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Int. J. Environ. Res. Public Health 2012, 9(1), 33-43; doi:10.3390/ijerph9010033
Abstract: The aim of this study was to examine the nutritional status of children of Mexican migrant worker families under five years of age within the context of global food markets. The sample included 404 children less than five years old from farms and agricultural communities in northwest Mexico. Prevalence of stunting and underweight of children appeared very similar to that of indigenous children from the national sample survey (difference 0.9 and 1.6 percentage points, respectively). Compared to the national sample of Mexican children, stunting and underweight seemed higher in migrant children (difference 17.7 and 4.5 percentage points, respectively), but wasting, an indicator of both chronic and acute undernutrition, appeared to indicate a process of nutritional recuperation. Migrant children living in poverty and suffering from chronic undernutrition, poor performance and scarce education opportunities, can be expected to eventually become agricultural workers with low productivity and poor general health. Consumer’s demands on social and environmental standards of fresh food production in developed countries could be an opportunity to impact the lives of migrant agricultural workers, their families and communities.
Developed countries consumers’ demand for healthy and safe foods have challenged supplying countries and organizations to regulate voluntary standards of social responsibility regarding food production. At first, chemical and microbiological contamination were of concern. Recently, however, health concerns include obesity and chronic diseases and as a consequence an increase in consumption and promotion of fresh organic foods. This has triggered an environment where food production uses biotechnology focused on food safety and environmental care. There is however, a gap on labor related standards and workers living conditions that still need to be addressed .
Innovative technologies such as greenhouses and plasticulture production techniques, as well as the increased demand for safe fresh foods, have altered crop cycles. This has increased the demand for field workers and led to longer agricultural periods, requiring new ways of contracting (temporary, intermittent) and forcing enterprises to look for more agricultural temporary workers [1,2,3].
In Northwest Mexico, the supply of regional and local labor is not adequate to meet the demand by agribusiness, influencing enterprises to hire migrant workers from the poorest most southern and indigenous regions of the country . This could be considered a negative impact of global food marketing, since there is an intensive use of labor and environmental resources supporting the cost of new technologies and compliance with international standards on fresh food production. While agribusiness has been successful in the international fresh foods market, the real food producers or agricultural migrant workers have not seen enough improvements in their income and living conditions to assure them and their families a healthy and productive life [1,5].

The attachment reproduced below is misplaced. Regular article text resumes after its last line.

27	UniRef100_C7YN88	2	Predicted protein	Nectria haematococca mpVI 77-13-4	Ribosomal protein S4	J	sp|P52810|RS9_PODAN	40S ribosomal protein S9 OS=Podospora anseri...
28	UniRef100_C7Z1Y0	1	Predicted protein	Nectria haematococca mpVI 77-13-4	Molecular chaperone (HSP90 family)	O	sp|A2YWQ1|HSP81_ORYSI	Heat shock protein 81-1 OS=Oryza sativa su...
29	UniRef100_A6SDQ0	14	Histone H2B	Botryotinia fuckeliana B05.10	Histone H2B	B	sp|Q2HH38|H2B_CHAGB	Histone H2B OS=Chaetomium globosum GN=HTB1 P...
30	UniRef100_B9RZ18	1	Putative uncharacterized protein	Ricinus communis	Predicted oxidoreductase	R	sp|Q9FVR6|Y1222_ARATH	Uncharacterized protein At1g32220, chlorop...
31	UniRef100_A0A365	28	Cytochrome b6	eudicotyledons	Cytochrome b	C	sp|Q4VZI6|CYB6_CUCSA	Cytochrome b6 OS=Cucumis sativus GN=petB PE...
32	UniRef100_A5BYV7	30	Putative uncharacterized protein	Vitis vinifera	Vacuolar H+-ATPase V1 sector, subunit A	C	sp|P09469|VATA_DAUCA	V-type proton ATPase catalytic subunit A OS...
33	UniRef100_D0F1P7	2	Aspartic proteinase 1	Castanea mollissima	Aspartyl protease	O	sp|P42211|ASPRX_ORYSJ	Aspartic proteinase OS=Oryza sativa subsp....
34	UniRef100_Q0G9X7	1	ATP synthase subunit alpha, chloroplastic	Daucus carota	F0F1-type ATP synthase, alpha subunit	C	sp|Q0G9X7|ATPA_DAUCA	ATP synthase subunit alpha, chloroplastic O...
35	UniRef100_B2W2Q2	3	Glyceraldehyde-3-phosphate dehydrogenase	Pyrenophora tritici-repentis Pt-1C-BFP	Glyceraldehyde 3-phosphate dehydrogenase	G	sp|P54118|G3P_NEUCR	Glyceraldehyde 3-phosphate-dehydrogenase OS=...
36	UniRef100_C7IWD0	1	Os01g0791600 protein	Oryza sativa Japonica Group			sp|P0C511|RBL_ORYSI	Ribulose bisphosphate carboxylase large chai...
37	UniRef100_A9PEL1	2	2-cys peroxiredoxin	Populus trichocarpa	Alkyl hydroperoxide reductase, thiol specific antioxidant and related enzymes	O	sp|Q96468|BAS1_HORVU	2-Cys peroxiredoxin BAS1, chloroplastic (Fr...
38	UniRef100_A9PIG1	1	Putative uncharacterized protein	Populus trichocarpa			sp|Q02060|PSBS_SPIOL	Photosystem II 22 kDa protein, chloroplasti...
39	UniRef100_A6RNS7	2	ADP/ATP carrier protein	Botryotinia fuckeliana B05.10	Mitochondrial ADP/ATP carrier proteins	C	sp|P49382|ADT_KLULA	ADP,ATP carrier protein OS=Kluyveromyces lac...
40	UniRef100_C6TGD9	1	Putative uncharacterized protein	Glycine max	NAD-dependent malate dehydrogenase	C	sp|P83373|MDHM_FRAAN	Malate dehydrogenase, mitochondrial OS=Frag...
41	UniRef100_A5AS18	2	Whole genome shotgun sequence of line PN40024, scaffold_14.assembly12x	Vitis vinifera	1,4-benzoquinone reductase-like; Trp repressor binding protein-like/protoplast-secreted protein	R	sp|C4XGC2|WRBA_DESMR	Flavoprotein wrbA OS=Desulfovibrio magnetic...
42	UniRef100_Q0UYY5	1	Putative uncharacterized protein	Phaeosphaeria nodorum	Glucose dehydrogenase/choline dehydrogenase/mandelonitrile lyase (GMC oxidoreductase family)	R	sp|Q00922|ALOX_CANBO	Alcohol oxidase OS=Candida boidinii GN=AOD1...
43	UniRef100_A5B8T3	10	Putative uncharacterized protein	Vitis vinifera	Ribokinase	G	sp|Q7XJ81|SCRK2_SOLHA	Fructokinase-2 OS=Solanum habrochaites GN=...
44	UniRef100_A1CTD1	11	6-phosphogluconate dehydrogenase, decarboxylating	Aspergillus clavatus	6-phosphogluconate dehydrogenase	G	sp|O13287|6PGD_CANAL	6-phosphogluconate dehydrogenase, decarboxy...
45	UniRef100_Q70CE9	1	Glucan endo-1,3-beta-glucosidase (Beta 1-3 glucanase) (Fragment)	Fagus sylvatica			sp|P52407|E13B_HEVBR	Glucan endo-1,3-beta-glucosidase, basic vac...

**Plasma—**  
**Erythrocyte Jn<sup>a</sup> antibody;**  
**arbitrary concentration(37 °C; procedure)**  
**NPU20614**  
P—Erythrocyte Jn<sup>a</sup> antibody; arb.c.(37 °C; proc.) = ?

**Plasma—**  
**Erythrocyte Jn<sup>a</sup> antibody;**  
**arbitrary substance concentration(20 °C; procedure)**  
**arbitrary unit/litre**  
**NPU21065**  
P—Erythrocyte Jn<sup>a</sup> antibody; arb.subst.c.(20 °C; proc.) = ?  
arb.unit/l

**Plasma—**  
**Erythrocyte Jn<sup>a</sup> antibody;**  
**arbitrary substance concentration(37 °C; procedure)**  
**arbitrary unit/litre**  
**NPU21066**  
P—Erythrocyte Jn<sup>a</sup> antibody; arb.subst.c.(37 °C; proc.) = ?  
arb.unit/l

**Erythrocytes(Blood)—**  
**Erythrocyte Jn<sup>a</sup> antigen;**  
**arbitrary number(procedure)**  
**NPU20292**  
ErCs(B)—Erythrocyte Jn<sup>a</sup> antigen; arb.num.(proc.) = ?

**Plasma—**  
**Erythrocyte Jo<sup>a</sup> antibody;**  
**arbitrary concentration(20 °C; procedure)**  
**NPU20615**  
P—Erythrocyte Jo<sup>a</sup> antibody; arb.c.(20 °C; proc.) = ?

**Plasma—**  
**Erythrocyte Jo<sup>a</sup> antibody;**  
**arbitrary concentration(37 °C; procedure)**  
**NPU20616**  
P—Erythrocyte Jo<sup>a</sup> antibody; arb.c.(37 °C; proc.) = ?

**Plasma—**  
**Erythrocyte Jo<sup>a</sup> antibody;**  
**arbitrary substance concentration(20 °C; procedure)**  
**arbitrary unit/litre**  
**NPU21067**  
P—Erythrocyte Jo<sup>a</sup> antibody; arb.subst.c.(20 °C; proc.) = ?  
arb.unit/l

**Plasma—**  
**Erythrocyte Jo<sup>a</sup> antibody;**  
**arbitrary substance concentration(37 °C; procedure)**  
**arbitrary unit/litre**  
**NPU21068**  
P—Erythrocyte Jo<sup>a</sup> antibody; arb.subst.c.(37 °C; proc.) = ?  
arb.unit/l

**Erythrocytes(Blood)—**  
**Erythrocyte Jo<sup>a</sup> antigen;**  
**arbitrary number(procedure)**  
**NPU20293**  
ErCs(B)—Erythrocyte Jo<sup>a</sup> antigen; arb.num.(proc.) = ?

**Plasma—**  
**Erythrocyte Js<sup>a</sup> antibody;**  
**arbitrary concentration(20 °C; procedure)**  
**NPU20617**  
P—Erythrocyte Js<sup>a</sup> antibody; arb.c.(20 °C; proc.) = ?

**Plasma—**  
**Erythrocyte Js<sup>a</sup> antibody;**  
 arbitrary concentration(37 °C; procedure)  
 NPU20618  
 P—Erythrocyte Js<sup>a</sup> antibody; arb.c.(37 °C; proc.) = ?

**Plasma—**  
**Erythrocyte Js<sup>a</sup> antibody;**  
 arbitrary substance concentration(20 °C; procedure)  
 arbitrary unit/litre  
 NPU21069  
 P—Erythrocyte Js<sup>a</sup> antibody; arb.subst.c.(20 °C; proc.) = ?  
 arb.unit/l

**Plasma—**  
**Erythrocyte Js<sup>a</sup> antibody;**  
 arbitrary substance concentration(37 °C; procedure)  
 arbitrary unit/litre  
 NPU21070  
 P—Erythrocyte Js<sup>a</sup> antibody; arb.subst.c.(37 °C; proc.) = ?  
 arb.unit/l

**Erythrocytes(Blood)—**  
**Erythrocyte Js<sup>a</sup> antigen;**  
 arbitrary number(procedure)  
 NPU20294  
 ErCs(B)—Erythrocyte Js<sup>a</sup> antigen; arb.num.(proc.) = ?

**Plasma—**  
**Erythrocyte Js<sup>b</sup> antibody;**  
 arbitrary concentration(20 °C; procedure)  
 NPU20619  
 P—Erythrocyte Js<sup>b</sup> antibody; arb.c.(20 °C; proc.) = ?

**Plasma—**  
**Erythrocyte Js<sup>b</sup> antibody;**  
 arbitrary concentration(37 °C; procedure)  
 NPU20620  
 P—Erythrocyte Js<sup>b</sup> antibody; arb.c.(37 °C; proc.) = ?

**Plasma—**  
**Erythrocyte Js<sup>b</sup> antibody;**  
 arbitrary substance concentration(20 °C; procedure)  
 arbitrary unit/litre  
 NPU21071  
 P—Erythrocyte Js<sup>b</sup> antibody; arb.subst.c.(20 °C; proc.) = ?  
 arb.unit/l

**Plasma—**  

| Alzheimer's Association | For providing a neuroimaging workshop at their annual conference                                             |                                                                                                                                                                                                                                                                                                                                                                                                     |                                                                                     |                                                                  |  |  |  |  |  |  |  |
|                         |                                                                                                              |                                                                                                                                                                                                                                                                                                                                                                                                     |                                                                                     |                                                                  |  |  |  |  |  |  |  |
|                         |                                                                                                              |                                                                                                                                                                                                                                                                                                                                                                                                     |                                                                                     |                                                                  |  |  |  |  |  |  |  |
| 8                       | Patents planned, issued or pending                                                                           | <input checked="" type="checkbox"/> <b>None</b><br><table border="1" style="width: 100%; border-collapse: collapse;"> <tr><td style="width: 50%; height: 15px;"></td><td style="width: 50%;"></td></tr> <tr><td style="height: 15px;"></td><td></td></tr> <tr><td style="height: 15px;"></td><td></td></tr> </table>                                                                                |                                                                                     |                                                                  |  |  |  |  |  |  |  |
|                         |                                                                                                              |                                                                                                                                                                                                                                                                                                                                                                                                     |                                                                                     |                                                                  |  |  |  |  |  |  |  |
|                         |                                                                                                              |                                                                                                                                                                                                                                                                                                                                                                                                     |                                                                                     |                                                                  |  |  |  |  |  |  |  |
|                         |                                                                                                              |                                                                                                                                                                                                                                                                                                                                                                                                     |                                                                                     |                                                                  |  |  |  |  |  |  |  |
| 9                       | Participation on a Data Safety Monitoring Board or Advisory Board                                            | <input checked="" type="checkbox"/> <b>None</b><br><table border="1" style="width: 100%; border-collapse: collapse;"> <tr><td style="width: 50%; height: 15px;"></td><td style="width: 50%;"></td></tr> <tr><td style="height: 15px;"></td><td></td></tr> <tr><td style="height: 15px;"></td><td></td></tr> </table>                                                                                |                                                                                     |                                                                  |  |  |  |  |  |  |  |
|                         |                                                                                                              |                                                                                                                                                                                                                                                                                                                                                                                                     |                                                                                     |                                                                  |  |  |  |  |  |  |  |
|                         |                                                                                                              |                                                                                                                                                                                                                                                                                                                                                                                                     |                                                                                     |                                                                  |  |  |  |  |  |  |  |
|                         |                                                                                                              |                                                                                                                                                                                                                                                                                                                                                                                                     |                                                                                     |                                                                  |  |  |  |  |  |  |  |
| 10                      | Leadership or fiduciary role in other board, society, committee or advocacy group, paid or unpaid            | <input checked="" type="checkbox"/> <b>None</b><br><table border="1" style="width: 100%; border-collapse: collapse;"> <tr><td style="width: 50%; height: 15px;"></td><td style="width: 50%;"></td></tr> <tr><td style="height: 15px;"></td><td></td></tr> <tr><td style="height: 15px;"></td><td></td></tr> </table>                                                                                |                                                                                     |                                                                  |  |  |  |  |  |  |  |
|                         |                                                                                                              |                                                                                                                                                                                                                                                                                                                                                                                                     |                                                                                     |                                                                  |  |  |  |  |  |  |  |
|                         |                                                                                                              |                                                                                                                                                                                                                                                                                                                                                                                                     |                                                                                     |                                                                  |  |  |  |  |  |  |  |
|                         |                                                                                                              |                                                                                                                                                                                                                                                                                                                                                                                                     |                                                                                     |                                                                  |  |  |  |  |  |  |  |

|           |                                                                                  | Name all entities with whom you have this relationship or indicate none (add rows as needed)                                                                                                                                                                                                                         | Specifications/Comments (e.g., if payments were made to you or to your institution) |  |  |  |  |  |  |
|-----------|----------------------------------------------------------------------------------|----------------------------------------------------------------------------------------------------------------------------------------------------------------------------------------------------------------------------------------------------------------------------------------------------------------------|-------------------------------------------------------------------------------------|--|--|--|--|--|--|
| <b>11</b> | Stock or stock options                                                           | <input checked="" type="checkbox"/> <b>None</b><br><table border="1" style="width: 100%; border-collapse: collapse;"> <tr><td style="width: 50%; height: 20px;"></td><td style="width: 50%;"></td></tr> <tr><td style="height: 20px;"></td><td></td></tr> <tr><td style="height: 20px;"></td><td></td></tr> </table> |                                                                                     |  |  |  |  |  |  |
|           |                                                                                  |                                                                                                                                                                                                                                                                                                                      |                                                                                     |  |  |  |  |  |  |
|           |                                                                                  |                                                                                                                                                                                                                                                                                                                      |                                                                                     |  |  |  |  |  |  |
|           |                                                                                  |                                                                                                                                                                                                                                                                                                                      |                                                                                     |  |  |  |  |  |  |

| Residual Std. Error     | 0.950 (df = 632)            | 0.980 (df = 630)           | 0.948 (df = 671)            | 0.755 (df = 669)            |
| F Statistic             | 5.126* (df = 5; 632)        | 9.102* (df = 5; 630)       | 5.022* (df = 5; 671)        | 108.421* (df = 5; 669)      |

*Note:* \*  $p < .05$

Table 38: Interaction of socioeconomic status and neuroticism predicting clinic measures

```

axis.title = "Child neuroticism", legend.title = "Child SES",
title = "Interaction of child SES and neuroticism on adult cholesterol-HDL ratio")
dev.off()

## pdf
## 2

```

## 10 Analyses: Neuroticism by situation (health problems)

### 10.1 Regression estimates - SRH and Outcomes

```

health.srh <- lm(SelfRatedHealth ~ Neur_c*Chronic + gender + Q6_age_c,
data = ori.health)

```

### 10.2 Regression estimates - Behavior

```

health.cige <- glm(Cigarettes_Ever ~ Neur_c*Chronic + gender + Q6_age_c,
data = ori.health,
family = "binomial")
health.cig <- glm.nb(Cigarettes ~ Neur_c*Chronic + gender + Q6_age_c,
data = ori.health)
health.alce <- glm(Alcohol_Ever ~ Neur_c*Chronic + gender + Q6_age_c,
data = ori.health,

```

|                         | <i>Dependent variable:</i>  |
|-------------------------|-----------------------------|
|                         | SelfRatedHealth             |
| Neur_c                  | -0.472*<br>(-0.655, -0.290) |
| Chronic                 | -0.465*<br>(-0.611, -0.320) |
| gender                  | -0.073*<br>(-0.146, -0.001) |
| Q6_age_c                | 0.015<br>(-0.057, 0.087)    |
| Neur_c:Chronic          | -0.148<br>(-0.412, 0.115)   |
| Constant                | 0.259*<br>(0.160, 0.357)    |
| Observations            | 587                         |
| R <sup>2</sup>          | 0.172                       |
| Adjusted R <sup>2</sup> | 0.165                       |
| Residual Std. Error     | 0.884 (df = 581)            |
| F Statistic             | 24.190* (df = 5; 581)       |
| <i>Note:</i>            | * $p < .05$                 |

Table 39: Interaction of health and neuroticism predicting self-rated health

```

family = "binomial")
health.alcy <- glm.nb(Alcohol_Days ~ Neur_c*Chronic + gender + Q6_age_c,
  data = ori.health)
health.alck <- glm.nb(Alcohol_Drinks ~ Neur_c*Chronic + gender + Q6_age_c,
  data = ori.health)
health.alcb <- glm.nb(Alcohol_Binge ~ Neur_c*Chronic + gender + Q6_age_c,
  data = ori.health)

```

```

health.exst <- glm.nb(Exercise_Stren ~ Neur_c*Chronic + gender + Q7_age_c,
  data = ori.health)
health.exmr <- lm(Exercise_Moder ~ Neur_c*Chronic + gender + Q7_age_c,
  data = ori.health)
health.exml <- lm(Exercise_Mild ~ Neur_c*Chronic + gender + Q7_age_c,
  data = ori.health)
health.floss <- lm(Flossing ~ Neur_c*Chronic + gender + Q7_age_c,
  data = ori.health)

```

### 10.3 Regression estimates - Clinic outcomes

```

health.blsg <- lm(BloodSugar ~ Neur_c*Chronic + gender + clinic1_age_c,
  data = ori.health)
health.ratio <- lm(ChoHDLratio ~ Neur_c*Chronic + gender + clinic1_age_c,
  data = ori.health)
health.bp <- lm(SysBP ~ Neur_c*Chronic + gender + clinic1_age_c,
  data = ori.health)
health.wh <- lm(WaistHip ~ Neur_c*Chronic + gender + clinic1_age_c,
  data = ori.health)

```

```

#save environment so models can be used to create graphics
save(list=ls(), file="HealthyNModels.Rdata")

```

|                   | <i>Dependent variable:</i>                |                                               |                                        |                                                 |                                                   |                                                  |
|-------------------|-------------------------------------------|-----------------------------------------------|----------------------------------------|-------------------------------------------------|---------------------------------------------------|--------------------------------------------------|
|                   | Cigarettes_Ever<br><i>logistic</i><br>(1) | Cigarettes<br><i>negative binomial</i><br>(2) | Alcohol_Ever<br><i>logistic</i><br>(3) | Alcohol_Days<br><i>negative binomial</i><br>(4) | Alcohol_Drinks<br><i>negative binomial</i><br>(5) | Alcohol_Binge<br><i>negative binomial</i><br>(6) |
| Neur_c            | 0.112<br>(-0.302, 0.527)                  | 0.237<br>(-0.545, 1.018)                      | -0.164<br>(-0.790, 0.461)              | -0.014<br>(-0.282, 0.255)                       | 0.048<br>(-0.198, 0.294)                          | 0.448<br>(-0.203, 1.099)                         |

A state survey of agribusiness conducted in the northern state of Sonora, Mexico, in 2001, found that adult agricultural workers were overweight or obese, while children showed stunting and low weight. Low variety dietary patterns, consumption of energy dense low cost foods, and regular periods of food insecurity were related to malnutrition. In addition, parasitic infections were also a frequent source of gastrointestinal diseases among migrant families  which indicates poor hygiene of their living environment and housing. Even when tough good agricultural practices (GAP) are being implemented constantly within the harvest, cropping and packing areas, complying with consumer demands on social and environmental standards of fresh food production is still a challenge for public policy in developing countries. [6,7,8].
Barros et al.  discussed that morbidity, mortality and nutrition of children and mothers from 100 low and middle-income countries have worse prognosis when compared to high–income children and mothers of the same countries. Exposure to poor living conditions during infancy and their consequences such as low birth weight, stunting and impaired cognitive development, have detrimental health effects during adulthood and a significant impact on the human capital of a society. Studies carried out in the UK, Europe, North America and India showed that under nutrition during pregnancy and early life, changes permanently the body structure, physiology and metabolism. Due to lack of plasticity and environmental adaptation capacity, this early body impairment may result in coronary heart disease (CHD) and cerebrovascular disease during adult life .